The U-visa is a visa for people who have been victims of certain crimes, suffered substantial physical or emotional harm from the incident(s), and who were helpful in the investigation or prosecution of that crime.

Basic Requirements

The U-visa is issued for four years. After three years, a U-visa recipient may apply for their lawful permanent residency. The requirements are found at INA §245(m) and are as follows:

  1. You must be in U-nonimmigrant status at the time you file your I-485, Application for Permanent Residency;
  1. The applicant must have been physically present in the United States for a continuous period of 3 years since the date they were admitted in U-visa status;
  1. An applicant must not have “unreasonably refused to provide assistance” to law enforcement;
  1. The applicant is not inadmissible under INA §212(a)(3)(E)-participants in Nazi persecution, genocide, torture, or extrajudicial killing;
  1. An applicant’s continued presence in the United States is “justified on humanitarian grounds, to ensure family unity, or is otherwise in the public interest;” and
  1. The applicant deserves a favorable decision as a matter of discretion.

U-Visa Adjustment of Status Requirements Explained

Must Be in U-Nonimmigrant Status: You must apply for your green card between the 3rd anniversary of your U-visa and its expiry. If you cannot file for adjustment of status (AOS) before the expiration of your U-visa, you should request an extension of the U-visa status.

Physically Present for 3 Years: You must be physically present in the United States for three years after you’ve been admitted in U-visa status. Physical presence would be broken if you are outside of the United States for 90 consecutive days or 180 days in total unless the absence was to help law enforcement. To prove physical presence, you must submit a copy of every page of all passports, as well as provide evidence of physical presence (bank statements, pay stubs, leases, medical records, etc…). You must also include an affidavit attesting to your physical presence.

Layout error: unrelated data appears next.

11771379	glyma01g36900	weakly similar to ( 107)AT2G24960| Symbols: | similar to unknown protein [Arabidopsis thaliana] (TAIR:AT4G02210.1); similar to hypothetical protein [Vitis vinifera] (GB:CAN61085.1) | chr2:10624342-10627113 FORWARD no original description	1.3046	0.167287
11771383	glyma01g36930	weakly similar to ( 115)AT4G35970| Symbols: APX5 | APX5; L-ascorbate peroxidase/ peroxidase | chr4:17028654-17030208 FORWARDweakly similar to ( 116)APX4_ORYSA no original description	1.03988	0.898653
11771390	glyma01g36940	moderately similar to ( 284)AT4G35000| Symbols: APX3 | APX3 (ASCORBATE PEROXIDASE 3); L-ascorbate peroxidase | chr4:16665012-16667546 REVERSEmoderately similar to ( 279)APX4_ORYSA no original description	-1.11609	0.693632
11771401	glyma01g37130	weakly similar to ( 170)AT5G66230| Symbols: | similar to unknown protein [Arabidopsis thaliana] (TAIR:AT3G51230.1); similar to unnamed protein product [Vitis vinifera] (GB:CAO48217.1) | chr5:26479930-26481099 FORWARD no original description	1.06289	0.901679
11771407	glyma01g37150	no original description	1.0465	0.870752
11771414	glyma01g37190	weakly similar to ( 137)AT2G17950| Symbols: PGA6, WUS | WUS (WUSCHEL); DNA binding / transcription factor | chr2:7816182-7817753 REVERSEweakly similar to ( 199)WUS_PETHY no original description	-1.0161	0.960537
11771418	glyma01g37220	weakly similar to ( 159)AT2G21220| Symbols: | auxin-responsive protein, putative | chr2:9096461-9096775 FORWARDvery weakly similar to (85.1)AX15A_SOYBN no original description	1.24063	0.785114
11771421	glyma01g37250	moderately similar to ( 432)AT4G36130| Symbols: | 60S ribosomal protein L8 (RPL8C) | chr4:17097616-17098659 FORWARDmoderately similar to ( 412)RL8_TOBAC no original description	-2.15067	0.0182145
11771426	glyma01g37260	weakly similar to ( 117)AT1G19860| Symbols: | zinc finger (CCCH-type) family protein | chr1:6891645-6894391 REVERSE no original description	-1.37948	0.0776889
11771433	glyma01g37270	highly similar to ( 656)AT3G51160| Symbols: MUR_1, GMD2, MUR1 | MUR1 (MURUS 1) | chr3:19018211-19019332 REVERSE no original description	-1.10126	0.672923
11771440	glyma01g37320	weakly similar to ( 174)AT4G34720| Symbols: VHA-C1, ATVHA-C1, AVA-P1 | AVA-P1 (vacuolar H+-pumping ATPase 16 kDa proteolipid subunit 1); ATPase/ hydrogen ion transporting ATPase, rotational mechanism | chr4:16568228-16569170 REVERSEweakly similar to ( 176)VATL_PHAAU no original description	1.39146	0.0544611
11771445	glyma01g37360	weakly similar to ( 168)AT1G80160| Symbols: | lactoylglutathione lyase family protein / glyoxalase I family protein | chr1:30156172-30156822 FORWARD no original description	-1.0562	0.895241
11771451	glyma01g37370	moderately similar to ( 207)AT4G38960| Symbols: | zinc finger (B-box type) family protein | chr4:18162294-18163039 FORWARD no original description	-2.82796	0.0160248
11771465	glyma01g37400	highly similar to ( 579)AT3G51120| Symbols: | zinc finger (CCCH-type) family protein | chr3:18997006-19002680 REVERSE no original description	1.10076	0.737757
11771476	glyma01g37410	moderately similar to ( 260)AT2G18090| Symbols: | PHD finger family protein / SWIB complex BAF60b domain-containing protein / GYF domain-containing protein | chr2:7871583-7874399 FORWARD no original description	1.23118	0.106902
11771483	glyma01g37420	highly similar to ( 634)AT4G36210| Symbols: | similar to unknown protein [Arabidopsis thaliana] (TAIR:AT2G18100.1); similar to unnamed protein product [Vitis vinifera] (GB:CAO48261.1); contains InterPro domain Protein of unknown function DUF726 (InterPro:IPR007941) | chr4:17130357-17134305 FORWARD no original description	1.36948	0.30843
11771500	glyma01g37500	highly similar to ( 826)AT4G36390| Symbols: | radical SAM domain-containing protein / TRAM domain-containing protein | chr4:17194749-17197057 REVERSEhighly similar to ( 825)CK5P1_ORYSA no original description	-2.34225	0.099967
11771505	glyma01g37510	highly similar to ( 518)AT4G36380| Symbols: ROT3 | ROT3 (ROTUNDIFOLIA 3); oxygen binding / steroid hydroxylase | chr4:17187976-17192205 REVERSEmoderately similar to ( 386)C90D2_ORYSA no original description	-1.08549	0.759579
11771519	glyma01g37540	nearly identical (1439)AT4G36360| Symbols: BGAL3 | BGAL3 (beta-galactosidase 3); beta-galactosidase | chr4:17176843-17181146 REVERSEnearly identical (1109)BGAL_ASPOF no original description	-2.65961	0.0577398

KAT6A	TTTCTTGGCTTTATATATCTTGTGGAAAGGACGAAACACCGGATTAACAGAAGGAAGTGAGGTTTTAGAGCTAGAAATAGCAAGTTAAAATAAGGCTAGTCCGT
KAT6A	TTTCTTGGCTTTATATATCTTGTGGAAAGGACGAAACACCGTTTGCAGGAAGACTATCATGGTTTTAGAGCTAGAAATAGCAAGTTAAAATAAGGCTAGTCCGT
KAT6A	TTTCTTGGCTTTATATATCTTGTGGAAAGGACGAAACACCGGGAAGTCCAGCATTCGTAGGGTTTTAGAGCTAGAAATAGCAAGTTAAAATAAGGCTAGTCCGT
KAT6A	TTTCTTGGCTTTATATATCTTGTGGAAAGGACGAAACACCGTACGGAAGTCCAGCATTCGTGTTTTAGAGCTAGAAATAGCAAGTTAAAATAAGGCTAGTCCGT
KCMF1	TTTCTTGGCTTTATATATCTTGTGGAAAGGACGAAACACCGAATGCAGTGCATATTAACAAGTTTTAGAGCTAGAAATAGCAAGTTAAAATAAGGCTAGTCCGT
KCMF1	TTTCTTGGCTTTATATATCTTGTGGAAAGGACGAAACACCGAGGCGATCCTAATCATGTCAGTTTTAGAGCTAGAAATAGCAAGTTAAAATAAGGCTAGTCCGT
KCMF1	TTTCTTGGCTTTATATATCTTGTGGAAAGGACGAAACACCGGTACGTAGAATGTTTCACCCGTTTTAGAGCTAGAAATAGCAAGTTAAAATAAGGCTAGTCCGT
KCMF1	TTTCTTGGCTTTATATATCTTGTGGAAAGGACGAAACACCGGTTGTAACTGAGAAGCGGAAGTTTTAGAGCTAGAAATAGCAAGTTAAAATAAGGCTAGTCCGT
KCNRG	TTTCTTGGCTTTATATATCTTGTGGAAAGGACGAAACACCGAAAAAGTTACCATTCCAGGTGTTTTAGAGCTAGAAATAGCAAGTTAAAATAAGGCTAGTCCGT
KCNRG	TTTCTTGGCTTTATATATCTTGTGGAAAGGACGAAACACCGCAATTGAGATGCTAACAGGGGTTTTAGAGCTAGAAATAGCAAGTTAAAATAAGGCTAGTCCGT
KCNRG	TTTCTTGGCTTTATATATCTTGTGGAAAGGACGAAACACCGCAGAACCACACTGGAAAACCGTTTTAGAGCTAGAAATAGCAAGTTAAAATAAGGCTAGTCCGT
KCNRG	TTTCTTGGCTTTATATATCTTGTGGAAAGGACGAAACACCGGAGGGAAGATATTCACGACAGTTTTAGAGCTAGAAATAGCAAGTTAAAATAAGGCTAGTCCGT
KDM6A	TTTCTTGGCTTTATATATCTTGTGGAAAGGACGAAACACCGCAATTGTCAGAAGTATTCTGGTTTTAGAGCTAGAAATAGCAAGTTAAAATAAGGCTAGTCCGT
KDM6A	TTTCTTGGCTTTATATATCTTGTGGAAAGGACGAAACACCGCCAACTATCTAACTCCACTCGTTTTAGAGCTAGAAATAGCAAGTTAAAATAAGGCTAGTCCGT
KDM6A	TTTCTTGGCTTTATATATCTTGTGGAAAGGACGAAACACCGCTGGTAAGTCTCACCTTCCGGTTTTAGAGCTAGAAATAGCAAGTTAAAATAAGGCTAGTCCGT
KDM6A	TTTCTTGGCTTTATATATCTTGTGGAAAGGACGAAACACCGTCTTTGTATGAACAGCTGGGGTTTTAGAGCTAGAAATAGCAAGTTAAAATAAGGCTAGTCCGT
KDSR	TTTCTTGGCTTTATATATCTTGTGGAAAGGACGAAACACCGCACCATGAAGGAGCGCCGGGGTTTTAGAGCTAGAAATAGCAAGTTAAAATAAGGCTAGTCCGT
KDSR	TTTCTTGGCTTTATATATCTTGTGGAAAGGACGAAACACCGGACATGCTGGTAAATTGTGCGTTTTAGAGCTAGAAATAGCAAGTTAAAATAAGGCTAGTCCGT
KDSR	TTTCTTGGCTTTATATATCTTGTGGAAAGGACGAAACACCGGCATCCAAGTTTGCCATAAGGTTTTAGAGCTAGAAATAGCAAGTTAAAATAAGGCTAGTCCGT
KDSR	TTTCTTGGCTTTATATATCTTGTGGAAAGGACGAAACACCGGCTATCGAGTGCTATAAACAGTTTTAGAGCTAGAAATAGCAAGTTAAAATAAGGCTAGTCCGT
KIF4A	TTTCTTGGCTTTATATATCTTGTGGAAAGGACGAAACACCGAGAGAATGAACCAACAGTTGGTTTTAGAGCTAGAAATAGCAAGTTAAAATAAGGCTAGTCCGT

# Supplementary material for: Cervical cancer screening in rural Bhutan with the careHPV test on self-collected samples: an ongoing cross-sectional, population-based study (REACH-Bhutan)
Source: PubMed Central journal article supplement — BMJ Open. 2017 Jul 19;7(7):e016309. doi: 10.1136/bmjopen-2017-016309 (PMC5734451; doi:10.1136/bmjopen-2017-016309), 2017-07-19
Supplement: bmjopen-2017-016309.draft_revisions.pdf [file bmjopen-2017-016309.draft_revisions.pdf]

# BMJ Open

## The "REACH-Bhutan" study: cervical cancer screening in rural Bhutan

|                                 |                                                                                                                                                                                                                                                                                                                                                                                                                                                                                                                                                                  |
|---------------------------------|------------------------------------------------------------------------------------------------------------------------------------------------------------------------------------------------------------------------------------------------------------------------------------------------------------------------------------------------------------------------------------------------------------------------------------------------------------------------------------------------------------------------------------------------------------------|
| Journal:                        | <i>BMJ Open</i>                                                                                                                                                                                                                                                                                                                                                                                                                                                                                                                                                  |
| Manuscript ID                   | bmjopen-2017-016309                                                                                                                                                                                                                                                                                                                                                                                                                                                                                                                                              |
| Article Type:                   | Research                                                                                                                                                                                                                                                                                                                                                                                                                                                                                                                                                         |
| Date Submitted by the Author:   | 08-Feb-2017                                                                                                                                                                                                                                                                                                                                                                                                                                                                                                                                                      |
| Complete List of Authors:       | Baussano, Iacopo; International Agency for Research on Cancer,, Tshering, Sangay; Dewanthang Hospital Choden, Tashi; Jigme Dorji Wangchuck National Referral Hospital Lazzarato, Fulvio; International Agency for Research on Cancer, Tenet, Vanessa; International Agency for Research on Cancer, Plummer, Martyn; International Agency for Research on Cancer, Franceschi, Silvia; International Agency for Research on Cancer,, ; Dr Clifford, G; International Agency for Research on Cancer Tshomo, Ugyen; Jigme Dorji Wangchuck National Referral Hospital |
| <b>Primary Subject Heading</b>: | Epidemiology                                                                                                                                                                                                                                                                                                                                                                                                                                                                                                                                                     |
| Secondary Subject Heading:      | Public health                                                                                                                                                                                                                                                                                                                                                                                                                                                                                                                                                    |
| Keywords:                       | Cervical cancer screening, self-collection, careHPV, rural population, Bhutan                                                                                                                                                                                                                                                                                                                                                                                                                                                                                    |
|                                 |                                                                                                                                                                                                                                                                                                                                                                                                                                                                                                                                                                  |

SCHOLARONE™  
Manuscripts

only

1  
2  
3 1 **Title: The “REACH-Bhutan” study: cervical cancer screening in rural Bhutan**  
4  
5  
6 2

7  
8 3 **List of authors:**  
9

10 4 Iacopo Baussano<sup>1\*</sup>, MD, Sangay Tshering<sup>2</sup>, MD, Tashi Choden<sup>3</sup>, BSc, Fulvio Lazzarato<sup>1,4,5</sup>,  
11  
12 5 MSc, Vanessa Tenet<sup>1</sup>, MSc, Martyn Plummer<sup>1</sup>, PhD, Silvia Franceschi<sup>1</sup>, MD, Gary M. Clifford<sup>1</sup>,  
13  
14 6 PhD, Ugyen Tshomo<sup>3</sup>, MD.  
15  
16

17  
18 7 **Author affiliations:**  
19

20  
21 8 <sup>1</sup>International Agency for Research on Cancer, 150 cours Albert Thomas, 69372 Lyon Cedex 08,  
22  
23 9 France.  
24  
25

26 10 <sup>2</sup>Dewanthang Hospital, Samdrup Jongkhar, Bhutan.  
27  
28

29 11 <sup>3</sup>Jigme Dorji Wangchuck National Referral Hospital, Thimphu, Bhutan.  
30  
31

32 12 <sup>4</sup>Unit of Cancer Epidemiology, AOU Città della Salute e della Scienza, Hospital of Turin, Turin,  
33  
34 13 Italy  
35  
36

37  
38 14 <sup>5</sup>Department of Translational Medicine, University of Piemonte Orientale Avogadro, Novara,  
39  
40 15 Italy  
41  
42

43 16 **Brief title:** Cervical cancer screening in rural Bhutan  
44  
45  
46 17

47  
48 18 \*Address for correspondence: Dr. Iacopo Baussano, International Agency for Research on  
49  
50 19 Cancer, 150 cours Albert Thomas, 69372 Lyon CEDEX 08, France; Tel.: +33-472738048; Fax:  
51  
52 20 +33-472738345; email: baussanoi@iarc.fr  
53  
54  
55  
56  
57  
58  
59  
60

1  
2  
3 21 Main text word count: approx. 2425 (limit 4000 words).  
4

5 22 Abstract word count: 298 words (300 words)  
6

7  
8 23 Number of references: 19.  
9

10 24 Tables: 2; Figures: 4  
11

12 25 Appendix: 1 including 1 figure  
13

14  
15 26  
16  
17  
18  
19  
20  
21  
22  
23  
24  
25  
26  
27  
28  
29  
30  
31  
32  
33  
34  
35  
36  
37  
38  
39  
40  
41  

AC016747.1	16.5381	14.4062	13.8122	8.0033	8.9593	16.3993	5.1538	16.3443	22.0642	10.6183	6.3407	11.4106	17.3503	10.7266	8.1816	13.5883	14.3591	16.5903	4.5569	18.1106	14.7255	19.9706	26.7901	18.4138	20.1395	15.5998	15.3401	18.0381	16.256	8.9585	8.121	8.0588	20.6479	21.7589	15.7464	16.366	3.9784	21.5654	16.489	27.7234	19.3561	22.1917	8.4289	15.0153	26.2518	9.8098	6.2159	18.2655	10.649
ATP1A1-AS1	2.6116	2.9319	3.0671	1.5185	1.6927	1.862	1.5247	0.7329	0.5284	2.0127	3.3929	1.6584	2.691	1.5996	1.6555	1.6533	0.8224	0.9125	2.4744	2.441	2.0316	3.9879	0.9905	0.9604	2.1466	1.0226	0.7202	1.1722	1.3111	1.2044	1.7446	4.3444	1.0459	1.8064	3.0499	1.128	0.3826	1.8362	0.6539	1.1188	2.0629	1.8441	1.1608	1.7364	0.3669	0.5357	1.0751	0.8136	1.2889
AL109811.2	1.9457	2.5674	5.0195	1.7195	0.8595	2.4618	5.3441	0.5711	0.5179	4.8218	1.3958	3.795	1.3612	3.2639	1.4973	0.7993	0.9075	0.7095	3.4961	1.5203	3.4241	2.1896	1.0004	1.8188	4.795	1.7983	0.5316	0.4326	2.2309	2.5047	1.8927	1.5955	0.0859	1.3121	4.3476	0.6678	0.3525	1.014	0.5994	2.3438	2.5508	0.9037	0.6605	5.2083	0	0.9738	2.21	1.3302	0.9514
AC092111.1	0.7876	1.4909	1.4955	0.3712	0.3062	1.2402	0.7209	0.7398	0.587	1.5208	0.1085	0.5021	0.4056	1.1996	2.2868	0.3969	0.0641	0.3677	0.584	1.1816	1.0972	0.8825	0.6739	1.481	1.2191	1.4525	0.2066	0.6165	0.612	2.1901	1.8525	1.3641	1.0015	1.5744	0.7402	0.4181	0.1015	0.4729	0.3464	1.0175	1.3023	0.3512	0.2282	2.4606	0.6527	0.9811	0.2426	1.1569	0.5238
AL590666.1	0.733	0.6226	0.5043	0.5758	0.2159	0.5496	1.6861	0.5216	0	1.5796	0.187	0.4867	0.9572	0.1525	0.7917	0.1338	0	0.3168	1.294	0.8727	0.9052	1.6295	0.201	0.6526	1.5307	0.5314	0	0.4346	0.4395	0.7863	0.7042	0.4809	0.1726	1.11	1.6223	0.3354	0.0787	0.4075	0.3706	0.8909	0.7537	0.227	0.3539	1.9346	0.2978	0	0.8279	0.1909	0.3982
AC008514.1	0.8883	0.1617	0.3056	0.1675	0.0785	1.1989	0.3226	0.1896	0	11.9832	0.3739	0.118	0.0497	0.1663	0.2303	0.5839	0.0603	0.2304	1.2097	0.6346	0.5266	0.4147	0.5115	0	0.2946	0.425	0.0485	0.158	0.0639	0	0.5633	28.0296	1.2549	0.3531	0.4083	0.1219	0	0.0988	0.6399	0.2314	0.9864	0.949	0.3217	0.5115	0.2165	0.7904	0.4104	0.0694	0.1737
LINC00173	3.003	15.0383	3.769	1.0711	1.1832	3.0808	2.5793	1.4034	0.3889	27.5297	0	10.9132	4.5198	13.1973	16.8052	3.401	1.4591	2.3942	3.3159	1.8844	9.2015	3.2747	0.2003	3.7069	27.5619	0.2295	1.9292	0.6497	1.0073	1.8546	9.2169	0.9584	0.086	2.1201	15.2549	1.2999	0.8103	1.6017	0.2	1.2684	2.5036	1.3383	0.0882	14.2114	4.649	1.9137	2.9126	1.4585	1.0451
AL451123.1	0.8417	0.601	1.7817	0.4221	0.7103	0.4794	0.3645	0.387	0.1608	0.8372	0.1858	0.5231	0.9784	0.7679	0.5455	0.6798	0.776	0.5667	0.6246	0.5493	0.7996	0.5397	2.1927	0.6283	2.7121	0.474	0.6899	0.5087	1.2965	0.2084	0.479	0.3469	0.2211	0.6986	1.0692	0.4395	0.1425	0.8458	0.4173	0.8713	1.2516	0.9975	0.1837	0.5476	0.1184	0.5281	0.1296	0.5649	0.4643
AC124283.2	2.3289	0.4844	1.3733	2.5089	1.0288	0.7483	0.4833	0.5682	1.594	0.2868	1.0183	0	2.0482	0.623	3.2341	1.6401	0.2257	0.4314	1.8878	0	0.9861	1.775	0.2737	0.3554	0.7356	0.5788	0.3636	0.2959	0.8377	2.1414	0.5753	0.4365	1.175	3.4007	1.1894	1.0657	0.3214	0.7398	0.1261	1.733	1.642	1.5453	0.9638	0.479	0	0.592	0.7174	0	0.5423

Unreasonably Refused to Provide Assistance: An applicant must not have unreasonably refused to assist law enforcement. You can demonstrate this by submitting a new I-918B certification from law enforcement; however, this is not required. You can also include an affidavit explaining any assistance that you’ve provided, or if none was requested.

Not Inadmissible Under INA §212(a)(3)(E): An applicant must not have participated in Nazi persecutions, genocide, torture, or extrajudicial killing. All other grounds of inadmissibility are waivable. Any grounds of inadmissibility waived when the applicant applied for the U-visa will be waived for AOS; however, any new grounds of inadmissibility acquired during U-visa status will require new waivers.

Humanitarian Grounds, Family Unity, Public Interest & Discretion: Applicants must show that their continued presence in the U.S. is “justified on humanitarian grounds, to ensure family unity, or is otherwise in the public interest,” as a matter of USCIS’ discretion. In other words, you must show why you deserve approval, and why it is in the community’s interest for you to become a lawful permanent resident.

To demonstrate this you can submit proof of length of residence in the United States, long term employment, long term residence at one home, family ties, membership in a religious organization, volunteer work, ties to the community, hardship if returned to your country of origin, and any other evidence that you are a good person.

If you have a U-visa and would like information about applying for your green card, please contact an immigration attorney who is trustworthy and knowledgeable! Our attorneys at Landerholm Immigration, APC, are experienced in U-visa and complex waiver cases. Please feel free to call us at (510) 491-0291 to see how we can help!